Session #4

Session #4: What are the possibilities and limitations of citizen science? 

Wednesday August 5, 2020

11am-1pm (Pacific)/ 12-2pm (Mountain)/ 1-3pm (Central)/ 2-4pm (Eastern)

Our final session will feature readings that highlight innovative methodologies for the documentation of Traditional Ecological Knowledge (TEK) held by different indigenous communities and examine how these multidisciplinary methods (and tools) are used to inform land conservation and coastal restoration practices.

Session 4 audio can be found here.

Session 4 video can be found here.

Session 4 Prezi can be found here.


    1. Carroll, C., Garroutte, E., Noonan, C., & Buchwald, D. (2018). Using PhotoVoice to Promote Land Conservation and Indigenous Well-Being in Oklahoma. EcoHealth, 15(2), 450–461.
    2. Bethel, M. B., Brien, L. F., Esposito, M. M., Miller, C. T., Buras, H. S., Laska, S. B., Philippe, R., Peterson, K. J., & Parsons Richards, C. (2014). Sci-TEK: A GIS-Based Multidisciplinary Method for Incorporating Traditional Ecological Knowledge into Louisiana’s Coastal Restoration Decision-Making Processes. Journal of Coastal Research, 297, 1081–1099. 
    3. Traditional and Local Knowledge: A Vision for the Sea Grant Network. 31 August 2018.

Clint Carroll is Associate Professor of Ethnic Studies at the University of Colorado Boulder and citizen of the Cherokee Nation. Dr. Carroll (Ph.D. Environmental Science, Policy, and Management) works closely with Cherokee people in Oklahoma on issues of land conservation and the perpetuation of land-based knowledge and ways of life. His book, Roots of Our Renewal: Ethnobotany and Cherokee Environmental Governance (2015, University of Minnesota Press), explores how tribal natural resource managers navigate the material and structural conditions of settler colonialism, as well as how recent efforts in cultural revitalization are informing such practices through traditional forms of decision-making and local environmental knowledge. In his current work, funded by a National Science Foundation Early Career Award, he co-directs with a group of elders and wisdom-keepers a land education program for five Cherokee students; he also serves as Principal Investigator on a study about Cherokee plant gathering access in rural northeastern Oklahoma. This integrated education and community-based research project seeks to formulate lasting methods for maintaining Cherokee land-based knowledge and to better understand how Cherokee people are negotiating access to land due to complex ownership patterns and the impact of shifting climate conditions. The results of the research will inform advancements in community-defined and -directed local ecosystem stewardship and tribal land conservation strategies. For more information, visit the Project Website.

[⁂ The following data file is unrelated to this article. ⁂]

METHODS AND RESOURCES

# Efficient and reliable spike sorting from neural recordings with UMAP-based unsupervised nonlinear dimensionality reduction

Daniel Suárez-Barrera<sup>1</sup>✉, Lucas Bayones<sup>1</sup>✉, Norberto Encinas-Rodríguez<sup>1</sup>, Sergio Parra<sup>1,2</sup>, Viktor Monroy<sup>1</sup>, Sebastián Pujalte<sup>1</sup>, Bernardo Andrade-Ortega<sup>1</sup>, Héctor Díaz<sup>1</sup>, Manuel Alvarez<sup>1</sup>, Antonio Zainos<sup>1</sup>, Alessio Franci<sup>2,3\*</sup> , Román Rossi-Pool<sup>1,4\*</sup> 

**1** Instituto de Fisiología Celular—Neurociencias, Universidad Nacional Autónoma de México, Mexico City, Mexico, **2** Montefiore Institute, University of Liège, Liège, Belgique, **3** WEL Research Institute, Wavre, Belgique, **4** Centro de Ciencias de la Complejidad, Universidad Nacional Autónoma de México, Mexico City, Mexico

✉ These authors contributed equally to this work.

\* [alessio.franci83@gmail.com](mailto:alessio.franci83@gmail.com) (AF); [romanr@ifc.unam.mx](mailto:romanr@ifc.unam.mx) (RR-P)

Matthew Bethel is the Executive Associate Director of Research for Louisiana Sea Grant at Louisiana State University. Dr. Bethel is the Associate Executive Director of Research for Louisiana Sea Grant.  He has 20 years of experience in the application of geospatial technology, which includes remote sensing and geographic information systems, in multi-disciplinary research that addresses data and information needs for combined social and ecological decision support systems.  For the past 10 years, Matt has focused his efforts on working with coastal communities in Louisiana to enhance hazard mitigation and restoration planning processes through collaborative partnerships and interdisciplinary research.  This work centers on developing visualization tools and map-based products that utilize both science-based information and the traditional ecological knowledge (TEK) of local partners in a complimentary way to inform local, state, and regional-level decision-making.  Most recently Matt has co-led a national-level effort in drafting a vision to inform the use of traditional and local knowledge in Sea Grant’s research, outreach, and education work over the next decade that includes best practices and selected references and resources identified through decades of experience working with people and places from across the Sea Grant Network.

Patty Ferguson-Bohnee is the Director of the Indian Legal Clinic, Faculty Director of the Indian Legal Program, and Clinical Professor of Law, at the Sandra Day O’Connor College of Law at Arizona State University. She has substantial experience in Indian law, election law and voting rights, and status clarification for tribes. She successfully assisted four bayou tribes in obtaining recognition from the State of Louisiana. She has been involved in advocating for the rights of unrecognized tribes in response to environmental disasters, including in federal and international forums. Her work involves promoting self-determination of indigenous nations, protecting Tribal sacred sites and cultural heritage, and including Tribal cultural heritage in climate change discussions. Ferguson-Bohnee is a member of the Pointe-au-Chien Indian Tribe (Louisiana).

Supplemental materials:

  1. Cherokee Voices for the Land [Film] (2017).
  2. Bethel, M. B., Brien, L. F., Danielson, E. J., Laska, S. B., Troutman, J. P., Boshart, W. M., Giardino, M. J., & Phillips, M. A. (2011). Blending Geospatial Technology and Traditional Ecological Knowledge to Enhance Restoration Decision-Support Processes in Coastal Louisiana. Journal of Coastal Research, 27, 555–571.
  3. Ferguson-Bohnee, Patty, The Impacts of Coastal Erosion on Tribal Cultural Heritage (2015). 29 Forum J. 58 (2015), Available at SSRN:
  4. Carroll, C. (2015). Roots of our renewal: Ethnobotany and Cherokee environmental governance. U of Minnesota Press.
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